For these absurd films to work, I need something I can believe in. That's why we all love Jurassic Park, we relate to the wonderment, the hope, the fear of large dinosaurs. The Transformers series is harder to follow, too much metal flying around -- and the girl' are too hot.

'Rise Of The Planet Of The Apes' is a solid 7 out of 10 for me. Enjoyable. And I like Freida Pinto. Here is a picture of her, for your viewing pleasure.

Care to share?

Wednesday 7 September 2011

Saving Private Ryan - Jarhead - Blackhawk Down - The Counterfeiters

Notes on a few films I've watched this week.

Saving Private Ryan

It seemed different this time. I just felt sad. Whoever is shooting whoever, it's still eighteen year old's dying, y'know?

Everything about World War 2 is poignant to me. It's a constant in my life. If there's a story in the newspaper, or an exhibition in town, or I see an old guy walking down the street who could have been there -- it just deeply impacts me. I measure so much of my life against the weight of World War 2. The impact is a direct one. The privileges I have now have a direct correlation to the sacrifices made by those seventy-odd years ago. 

The opening battle of 'Saving Private Ryan' doesn't need character introductions. It doesn't need backstory. We know it. It's our grandparents, and our friend's grandparents. It's those forgotten people sitting in old people's homes, It's those names that line the graves all around the world, many who didn't get to live out their teens.

We get to really feel into so many different perspectives with 'Saving Private Ryan'. We see leaders who are scared, we see cowards who are brave, we see pride, anger, resentment, confusion. The same shit we feel every day except what we feel is nothing in comparison. I'm brave if I phone a big scary producer, I'm angry if my email server has problems. It's different now. 

My Grandfather was fighting in Europe. He risked everything for his country. I don't think I've ever risked anything for anyone.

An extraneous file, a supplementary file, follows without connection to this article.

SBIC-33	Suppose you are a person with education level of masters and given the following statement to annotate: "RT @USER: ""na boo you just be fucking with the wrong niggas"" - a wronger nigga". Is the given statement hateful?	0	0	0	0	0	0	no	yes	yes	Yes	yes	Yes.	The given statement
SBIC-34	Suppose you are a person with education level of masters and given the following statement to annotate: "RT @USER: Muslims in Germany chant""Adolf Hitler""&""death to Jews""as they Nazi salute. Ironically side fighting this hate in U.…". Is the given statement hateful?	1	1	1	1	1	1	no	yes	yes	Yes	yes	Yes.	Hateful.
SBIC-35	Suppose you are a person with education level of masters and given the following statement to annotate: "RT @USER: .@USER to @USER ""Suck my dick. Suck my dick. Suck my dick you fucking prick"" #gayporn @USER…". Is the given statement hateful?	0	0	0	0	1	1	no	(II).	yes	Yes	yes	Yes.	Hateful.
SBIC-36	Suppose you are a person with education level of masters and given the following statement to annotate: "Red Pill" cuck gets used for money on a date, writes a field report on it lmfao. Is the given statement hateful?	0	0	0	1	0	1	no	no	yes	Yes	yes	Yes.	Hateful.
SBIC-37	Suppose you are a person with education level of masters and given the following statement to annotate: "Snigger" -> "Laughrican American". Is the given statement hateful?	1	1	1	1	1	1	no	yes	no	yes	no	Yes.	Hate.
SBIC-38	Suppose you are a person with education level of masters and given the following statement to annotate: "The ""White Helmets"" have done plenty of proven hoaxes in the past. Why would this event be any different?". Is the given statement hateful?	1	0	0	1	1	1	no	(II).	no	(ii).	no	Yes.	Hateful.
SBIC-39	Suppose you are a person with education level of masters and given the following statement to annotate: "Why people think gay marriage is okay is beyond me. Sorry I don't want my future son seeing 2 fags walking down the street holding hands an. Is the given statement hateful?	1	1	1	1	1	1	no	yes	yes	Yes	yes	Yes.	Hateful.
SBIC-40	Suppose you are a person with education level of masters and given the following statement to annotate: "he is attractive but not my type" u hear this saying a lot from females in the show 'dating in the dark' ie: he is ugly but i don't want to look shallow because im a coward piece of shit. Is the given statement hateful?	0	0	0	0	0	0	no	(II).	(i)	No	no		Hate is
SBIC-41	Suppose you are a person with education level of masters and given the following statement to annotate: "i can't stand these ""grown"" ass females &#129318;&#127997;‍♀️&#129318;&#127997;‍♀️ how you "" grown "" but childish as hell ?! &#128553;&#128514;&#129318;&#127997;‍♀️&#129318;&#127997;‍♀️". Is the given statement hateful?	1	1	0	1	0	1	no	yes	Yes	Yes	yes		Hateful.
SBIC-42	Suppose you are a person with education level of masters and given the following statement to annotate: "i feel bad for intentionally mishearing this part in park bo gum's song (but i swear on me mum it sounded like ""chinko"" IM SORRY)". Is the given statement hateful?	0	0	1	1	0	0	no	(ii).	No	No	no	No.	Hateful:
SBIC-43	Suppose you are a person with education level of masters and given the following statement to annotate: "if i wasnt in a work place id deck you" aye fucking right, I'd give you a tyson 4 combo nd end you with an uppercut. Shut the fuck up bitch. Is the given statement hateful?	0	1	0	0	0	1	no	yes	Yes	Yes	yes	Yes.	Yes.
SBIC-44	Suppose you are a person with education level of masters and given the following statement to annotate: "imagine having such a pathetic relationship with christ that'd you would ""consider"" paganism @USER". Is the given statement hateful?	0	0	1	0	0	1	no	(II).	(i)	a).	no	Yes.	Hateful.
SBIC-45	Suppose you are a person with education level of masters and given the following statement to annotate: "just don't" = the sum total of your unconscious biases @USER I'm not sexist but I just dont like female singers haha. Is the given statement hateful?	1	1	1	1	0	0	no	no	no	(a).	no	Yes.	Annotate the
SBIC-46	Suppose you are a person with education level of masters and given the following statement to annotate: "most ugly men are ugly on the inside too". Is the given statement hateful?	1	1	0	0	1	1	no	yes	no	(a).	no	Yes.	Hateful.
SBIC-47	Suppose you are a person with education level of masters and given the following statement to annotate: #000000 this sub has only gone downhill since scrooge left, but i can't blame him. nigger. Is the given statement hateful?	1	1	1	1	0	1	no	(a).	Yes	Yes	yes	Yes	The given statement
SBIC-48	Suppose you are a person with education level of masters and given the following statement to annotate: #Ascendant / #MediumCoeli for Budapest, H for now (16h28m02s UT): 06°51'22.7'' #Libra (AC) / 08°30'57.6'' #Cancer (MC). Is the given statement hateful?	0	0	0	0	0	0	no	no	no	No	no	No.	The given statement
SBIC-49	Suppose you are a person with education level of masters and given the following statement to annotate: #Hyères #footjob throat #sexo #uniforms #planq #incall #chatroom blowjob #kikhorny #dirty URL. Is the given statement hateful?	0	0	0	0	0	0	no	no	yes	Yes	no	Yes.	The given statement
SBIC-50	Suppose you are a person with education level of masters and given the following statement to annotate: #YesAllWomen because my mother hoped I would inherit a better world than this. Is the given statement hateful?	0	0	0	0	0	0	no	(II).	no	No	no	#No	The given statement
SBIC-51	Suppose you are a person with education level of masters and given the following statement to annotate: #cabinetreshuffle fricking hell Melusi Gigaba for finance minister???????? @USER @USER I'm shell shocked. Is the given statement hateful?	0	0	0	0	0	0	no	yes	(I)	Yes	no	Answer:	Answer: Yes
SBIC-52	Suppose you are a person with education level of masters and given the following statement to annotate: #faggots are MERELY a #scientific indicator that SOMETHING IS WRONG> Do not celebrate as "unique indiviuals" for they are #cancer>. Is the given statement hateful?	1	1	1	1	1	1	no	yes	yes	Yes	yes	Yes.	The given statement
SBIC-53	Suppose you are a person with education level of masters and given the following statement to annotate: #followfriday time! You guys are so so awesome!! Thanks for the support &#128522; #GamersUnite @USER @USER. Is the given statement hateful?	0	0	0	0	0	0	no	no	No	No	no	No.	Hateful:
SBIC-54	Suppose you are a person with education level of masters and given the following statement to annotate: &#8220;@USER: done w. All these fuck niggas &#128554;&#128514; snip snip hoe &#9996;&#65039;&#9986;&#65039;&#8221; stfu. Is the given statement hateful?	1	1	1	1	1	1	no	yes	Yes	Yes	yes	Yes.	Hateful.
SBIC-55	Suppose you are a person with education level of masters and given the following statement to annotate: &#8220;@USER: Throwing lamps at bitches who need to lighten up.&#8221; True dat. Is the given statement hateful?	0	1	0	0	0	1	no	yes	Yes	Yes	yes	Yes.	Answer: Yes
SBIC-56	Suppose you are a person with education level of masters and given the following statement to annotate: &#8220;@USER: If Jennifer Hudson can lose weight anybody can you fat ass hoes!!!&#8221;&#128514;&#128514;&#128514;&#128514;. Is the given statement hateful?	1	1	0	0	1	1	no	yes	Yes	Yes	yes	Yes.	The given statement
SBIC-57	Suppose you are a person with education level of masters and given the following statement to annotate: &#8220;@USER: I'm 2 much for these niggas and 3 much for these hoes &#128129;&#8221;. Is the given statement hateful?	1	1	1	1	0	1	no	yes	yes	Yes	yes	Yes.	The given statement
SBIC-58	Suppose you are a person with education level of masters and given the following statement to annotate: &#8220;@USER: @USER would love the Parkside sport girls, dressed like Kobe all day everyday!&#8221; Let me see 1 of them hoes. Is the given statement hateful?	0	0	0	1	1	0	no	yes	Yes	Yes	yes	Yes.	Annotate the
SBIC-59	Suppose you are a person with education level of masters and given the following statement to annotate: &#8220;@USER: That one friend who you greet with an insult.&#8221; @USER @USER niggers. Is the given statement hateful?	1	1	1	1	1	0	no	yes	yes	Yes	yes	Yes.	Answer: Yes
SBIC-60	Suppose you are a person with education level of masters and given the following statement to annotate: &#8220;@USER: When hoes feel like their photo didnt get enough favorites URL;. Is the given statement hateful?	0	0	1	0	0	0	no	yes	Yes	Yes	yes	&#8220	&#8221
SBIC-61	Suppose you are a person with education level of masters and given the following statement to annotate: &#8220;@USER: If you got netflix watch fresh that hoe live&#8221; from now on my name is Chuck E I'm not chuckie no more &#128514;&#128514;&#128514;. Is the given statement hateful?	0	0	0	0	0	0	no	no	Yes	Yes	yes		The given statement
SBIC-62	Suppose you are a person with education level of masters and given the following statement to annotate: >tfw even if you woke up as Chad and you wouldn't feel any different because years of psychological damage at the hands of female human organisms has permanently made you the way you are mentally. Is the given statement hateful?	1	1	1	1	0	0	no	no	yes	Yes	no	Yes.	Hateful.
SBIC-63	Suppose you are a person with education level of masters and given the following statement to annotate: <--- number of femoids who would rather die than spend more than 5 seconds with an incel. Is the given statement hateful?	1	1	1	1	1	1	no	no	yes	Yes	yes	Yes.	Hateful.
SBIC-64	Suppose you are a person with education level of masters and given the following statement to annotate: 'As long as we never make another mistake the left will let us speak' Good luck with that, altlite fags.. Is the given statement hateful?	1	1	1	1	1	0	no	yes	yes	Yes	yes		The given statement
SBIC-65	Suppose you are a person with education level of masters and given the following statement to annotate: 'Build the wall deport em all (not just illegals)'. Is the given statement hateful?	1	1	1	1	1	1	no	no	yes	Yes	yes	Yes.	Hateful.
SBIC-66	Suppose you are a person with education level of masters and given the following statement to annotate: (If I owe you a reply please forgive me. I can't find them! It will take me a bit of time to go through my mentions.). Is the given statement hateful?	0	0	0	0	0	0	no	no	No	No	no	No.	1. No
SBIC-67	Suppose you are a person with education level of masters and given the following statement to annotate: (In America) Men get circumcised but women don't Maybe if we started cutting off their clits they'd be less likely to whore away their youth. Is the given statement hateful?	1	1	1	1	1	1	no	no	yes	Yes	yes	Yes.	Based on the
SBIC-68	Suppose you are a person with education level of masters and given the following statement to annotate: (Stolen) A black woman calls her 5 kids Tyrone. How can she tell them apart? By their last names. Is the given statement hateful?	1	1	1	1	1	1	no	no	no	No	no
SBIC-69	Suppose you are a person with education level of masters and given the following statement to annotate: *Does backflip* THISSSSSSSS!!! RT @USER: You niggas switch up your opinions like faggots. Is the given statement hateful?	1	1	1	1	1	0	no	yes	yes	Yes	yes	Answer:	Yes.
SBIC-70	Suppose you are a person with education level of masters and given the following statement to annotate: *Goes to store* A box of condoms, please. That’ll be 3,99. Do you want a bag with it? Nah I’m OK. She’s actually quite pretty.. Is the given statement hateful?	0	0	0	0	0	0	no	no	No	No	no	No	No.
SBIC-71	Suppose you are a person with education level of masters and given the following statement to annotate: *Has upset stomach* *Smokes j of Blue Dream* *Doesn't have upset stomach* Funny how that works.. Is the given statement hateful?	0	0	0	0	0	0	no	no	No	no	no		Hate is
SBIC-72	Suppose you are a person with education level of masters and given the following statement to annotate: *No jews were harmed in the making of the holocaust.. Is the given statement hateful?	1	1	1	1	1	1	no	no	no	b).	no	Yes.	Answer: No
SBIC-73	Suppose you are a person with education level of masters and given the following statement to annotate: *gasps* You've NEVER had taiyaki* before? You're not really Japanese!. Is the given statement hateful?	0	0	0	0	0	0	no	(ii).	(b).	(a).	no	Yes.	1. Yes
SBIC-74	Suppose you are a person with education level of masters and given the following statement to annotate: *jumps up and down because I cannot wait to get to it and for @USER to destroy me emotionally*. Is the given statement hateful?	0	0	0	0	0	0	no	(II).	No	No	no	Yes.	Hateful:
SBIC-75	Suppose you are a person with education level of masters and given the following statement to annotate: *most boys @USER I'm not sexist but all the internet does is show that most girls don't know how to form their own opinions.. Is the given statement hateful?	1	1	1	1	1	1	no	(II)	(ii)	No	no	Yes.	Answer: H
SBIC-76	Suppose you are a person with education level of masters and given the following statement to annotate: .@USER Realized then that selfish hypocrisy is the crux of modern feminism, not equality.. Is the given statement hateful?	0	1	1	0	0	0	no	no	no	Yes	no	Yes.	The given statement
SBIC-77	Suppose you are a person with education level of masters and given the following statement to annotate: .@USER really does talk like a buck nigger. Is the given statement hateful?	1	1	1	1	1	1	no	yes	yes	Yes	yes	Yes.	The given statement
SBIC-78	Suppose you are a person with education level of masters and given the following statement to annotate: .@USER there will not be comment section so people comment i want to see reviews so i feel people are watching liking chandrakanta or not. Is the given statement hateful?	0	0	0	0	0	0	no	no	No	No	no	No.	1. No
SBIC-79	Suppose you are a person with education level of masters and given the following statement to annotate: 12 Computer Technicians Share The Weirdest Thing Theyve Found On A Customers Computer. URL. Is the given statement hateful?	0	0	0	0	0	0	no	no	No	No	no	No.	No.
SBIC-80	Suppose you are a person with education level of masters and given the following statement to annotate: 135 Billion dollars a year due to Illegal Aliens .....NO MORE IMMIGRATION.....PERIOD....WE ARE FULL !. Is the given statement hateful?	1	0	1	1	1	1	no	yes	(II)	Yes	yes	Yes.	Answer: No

Iraq, what the hell is that about? Nobody really knows. One minute, the leader of a terrorist organization somewhere inside of Afghanistan is behind the deaths of 3,000 in New York City, and the next, we've killed a million civilians in Iraq. 

And Iraq was the same the first time. Well, I mean the first time out of the recent times. Iraq has been going on for a hundred years. 

"It's the British again. They have been bombing my family for over 80 years now. Four generations have lived and died with these unwanted visitors from Britain who come to pour explosives on us from the skies. It first began in 1920." 
-Quote from 'Postcolonialism', A Very Short Introduction. (book)

Jarhead takes place in Saudi Arabia in 1989, just before the Gulf War. It's about a group of marines, a sniper unit--- who find themselves waiting around for a mission, waiting for the chance to kill. 

Of course, Jarhead came out after the Iraq War (the recent one) - and it resonates. The marines are wondering, why are we really here? And the question of oil looms. But when you're a soldier you're a soldier, you're not a politician. You don't get to weigh up the good and bad, you just have to do your job. You're trained to kill. But that's the thing with modern wars, nobody really knows what's going on or why we're there. We send our soldiers out into the world and we trust they're being sent to the right places. And we hope they'll be okay. 

Blackhawk Down